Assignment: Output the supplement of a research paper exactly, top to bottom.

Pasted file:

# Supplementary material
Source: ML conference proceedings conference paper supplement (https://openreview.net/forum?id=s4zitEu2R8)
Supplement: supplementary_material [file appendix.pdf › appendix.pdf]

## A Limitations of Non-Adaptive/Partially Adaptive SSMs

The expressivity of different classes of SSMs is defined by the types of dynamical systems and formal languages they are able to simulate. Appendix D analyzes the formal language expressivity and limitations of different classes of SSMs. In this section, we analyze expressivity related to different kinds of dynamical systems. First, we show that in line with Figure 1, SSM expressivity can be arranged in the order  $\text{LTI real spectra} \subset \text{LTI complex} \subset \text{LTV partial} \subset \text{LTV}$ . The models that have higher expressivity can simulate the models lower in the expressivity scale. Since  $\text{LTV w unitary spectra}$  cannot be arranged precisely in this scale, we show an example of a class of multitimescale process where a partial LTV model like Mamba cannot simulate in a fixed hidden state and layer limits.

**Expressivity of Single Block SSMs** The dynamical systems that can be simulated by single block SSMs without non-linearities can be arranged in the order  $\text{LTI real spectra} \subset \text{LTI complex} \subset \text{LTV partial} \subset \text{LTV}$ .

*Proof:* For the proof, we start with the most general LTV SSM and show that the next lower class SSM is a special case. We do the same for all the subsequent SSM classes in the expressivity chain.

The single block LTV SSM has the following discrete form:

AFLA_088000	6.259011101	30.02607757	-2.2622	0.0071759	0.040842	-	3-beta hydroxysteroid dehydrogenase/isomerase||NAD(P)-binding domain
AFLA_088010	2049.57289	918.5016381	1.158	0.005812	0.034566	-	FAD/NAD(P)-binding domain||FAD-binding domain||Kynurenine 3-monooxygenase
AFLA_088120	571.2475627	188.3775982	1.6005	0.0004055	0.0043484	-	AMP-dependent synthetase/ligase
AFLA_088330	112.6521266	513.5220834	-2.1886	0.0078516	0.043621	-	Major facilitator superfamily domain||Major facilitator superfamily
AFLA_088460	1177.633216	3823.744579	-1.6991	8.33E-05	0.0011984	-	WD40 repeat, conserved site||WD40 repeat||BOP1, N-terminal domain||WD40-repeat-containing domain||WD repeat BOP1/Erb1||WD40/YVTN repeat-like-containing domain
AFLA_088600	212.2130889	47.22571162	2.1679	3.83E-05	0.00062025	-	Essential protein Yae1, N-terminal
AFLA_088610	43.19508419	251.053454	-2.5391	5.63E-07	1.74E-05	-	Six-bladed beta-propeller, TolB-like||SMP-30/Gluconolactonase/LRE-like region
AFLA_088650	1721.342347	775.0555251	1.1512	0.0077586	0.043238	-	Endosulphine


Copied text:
# Supplementary material
Source: ML conference proceedings conference paper supplement (https://openreview.net/forum?id=s4zitEu2R8)
Supplement: supplementary_material [file appendix.pdf › appendix.pdf]

## A Limitations of Non-Adaptive/Partially Adaptive SSMs

The expressivity of different classes of SSMs is defined by the types of dynamical systems and formal languages they are able to simulate. Appendix D analyzes the formal language expressivity and limitations of different classes of SSMs. In this section, we analyze expressivity related to different kinds of dynamical systems. First, we show that in line with Figure 1, SSM expressivity can be arranged in the order  $\text{LTI real spectra} \subset \text{LTI complex} \subset \text{LTV partial} \subset \text{LTV}$ . The models that have higher expressivity can simulate the models lower in the expressivity scale. Since  $\text{LTV w unitary spectra}$  cannot be arranged precisely in this scale, we show an example of a class of multitimescale process where a partial LTV model like Mamba cannot simulate in a fixed hidden state and layer limits.

**Expressivity of Single Block SSMs** The dynamical systems that can be simulated by single block SSMs without non-linearities can be arranged in the order  $\text{LTI real spectra} \subset \text{LTI complex} \subset \text{LTV partial} \subset \text{LTV}$ .

*Proof:* For the proof, we start with the most general LTV SSM and show that the next lower class SSM is a special case. We do the same for all the subsequent SSM classes in the expressivity chain.

The single block LTV SSM has the following discrete form:

AFLA_088000	6.259011101	30.02607757	-2.2622	0.0071759	0.040842	-	3-beta hydroxysteroid dehydrogenase/isomerase||NAD(P)-binding domain
AFLA_088010	2049.57289	918.5016381	1.158	0.005812	0.034566	-	FAD/NAD(P)-binding domain||FAD-binding domain||Kynurenine 3-monooxygenase
AFLA_088120	571.2475627	188.3775982	1.6005	0.0004055	0.0043484	-	AMP-dependent synthetase/ligase
AFLA_088330	112.6521266	513.5220834	-2.1886	0.0078516	0.043621	-	Major facilitator superfamily domain||Major facilitator superfamily
AFLA_088460	1177.633216	3823.744579	-1.6991	8.33E-05	0.0011984	-	WD40 repeat, conserved site||WD40 repeat||BOP1, N-terminal domain||WD40-repeat-containing domain||WD repeat BOP1/Erb1||WD40/YVTN repeat-like-containing domain
AFLA_088600	212.2130889	47.22571162	2.1679	3.83E-05	0.00062025	-	Essential protein Yae1, N-terminal
AFLA_088610	43.19508419	251.053454	-2.5391	5.63E-07	1.74E-05	-	Six-bladed beta-propeller, TolB-like||SMP-30/Gluconolactonase/LRE-like region
AFLA_088650	1721.342347	775.0555251	1.1512	0.0077586	0.043238	-	Endosulphine